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ASI Project Report

The Story Behind the Projects

Harold Lance

07/15/2012

The roots of ASI’s special project offering program go back as far as ASI itself—back almost a hundred years to the beginning of what eventually became Madison College. E.A. Sutherland and Percy Magan, close friends of Ellen White, were early leaders in the development of Seventh-day Adventist higher education. They served the church at Battle Creek College, Walla Walla College, and in the relocation of Battle Creek College to Berrien Springs, Michigan, where Andrews University now thrives.

Around the turn of the 20th century, Seventh-day Adventists were struggling to define Adventist education: Should it be an adaptation of the classical education that was in vogue at the time? Or should it include a balanced, practical program involving students, teachers, and staff and focusing on practical skills such as agriculture? Should it be a practical program that would lead to equipping lay members as gospel missionaries who would use their skills to serve their communities while acquainting them with the Three Angels’ Messages? The resulting tension over the direction for Adventist education led Sutherland and Magan to resign their positions of leadership and start Madison on a rundown farm near Nashville, Tennessee.

A small group, encouraged by Ellen White, joined Sutherland and Magan in launching the new school. It offered a practical, short-term program that equipped students as self-supporting missionaries to serve in the southern states and beyond. With great difficulty and sacrifice, the new school began to prosper, turning out lay missionaries who established self-supporting health centers, restaurants, schools, farms, and treatment rooms, all designed to provide practical services to their communities while at the same time spreading the gospel.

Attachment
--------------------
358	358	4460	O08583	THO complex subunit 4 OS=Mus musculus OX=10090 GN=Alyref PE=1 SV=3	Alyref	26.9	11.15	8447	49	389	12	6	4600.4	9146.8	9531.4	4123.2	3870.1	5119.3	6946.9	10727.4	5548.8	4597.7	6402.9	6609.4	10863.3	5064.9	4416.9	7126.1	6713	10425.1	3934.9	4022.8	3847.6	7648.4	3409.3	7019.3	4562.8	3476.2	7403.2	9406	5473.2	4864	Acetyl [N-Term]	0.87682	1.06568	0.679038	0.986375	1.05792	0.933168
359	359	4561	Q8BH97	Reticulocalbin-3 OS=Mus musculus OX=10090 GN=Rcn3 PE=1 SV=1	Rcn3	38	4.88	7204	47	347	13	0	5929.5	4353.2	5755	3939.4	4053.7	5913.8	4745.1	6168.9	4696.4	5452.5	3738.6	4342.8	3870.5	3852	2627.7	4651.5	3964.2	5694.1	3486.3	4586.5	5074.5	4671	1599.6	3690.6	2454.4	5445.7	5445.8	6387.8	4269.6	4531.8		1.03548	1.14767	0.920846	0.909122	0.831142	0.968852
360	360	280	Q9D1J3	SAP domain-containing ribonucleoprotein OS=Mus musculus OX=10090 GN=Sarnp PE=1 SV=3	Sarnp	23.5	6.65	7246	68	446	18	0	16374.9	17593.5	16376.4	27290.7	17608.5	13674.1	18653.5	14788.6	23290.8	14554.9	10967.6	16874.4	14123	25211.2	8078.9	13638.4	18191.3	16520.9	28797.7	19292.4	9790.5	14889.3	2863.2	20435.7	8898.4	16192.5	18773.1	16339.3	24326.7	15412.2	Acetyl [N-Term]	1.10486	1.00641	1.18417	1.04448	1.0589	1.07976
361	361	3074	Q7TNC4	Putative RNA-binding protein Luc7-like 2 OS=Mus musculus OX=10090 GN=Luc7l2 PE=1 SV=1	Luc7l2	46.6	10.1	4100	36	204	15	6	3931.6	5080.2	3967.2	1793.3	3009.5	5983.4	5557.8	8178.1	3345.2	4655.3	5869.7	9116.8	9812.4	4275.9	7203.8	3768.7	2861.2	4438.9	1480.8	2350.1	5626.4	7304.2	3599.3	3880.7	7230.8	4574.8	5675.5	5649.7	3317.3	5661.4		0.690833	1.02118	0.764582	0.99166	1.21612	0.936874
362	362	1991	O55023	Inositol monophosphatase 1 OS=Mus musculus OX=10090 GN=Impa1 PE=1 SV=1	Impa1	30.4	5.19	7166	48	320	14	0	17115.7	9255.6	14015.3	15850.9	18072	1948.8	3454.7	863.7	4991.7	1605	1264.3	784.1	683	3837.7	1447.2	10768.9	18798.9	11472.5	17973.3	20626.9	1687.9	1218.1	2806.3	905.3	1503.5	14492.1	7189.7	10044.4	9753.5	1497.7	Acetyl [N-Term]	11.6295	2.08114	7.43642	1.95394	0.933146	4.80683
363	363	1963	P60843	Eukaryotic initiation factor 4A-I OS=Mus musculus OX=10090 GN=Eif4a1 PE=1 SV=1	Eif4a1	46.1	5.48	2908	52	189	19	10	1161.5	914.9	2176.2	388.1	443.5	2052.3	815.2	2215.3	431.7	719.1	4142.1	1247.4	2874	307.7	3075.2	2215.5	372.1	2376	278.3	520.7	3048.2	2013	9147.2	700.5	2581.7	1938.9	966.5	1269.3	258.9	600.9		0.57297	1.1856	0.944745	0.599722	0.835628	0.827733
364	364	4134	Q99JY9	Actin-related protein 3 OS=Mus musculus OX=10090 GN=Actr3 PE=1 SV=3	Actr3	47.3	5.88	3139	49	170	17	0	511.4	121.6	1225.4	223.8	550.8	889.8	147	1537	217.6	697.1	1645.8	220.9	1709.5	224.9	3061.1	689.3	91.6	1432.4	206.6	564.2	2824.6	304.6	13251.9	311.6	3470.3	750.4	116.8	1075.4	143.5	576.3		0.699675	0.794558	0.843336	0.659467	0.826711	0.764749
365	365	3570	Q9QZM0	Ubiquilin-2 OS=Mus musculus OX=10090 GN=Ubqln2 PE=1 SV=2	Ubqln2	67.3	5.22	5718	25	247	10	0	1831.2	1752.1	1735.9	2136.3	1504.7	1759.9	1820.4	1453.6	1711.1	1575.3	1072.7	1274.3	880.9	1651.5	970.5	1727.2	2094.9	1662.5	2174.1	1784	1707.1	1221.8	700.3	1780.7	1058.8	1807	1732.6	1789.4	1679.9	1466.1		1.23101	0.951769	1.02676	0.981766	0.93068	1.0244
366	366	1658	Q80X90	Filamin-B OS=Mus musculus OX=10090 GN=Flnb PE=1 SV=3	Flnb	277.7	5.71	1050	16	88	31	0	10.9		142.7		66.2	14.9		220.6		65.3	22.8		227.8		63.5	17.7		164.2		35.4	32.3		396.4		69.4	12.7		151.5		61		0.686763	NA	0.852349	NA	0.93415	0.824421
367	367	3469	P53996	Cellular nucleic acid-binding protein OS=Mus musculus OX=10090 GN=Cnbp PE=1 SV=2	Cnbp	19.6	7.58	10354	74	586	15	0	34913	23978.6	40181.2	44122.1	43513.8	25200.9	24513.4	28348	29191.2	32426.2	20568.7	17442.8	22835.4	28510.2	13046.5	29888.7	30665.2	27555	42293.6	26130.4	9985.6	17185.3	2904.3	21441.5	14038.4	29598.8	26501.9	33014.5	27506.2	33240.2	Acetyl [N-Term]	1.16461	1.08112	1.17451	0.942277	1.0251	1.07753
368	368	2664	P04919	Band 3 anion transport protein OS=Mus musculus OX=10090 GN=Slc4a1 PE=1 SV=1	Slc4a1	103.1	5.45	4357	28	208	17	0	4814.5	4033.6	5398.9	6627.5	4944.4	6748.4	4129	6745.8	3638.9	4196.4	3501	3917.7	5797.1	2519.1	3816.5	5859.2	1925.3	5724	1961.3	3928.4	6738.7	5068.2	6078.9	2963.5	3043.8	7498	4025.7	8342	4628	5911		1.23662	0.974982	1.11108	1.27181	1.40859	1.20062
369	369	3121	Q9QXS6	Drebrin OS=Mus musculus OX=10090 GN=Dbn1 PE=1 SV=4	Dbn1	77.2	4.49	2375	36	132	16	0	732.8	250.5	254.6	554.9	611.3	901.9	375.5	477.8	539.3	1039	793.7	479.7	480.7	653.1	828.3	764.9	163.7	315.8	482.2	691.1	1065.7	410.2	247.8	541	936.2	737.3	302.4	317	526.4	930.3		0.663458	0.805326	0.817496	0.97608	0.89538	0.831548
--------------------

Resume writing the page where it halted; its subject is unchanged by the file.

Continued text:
2012-insideasi-summer-fall_web__page_28_image_0004Soon Magan and Sutherland both enrolled in medical school in nearby Nashville in order to broaden Madison’s health and public service education program. On the other side of the country, Ellen White and other church leaders were launching the College of Medical Evangelists (CME, now known as Loma Linda University) in Loma Linda, California. Starting the new school in California wasn’t easy. In fact, the problems of finance and administration were immense. Church leaders remembered the capable leadership abilities of Percy Magan, noting that he was now a capable physician. Magan reluctantly left Madison and accepted the denomination’s call to serve as a leader at the new medical school in Loma Linda, remaining at the helm for many years and insuring its stability. Few are aware of the connection between Madison College, which closed its doors in 1965, and Loma Linda University, which continues to thrive. That connection represents the ties that continue to bind church and lay workers together with a shared sense of vision and purpose.

The rest of the story…

Madison gave one of its best leaders to the new medical school in California, but it gave much more than that. Word reached Madison that CME was in danger of closing due to overwhelming financial burdens. Without being asked, some of the leading women at Madison rallied together and gathered $30,000 (the probable equivalent of almost half a million dollars today). They took the train to Loma Linda and delivered the funds to the struggling leaders of CME, who were then in a board meeting discussing plans to close the related nursing program. This unsolicited generous gift that helped the Seventh-day Adventist Church succeed in establishing what is now a world class health care and training program in Loma Linda illustrates the spirit that is behind the urge of ASI to find worthy projects that broaden the outreach and mission of the Seventh-day Adventist Church.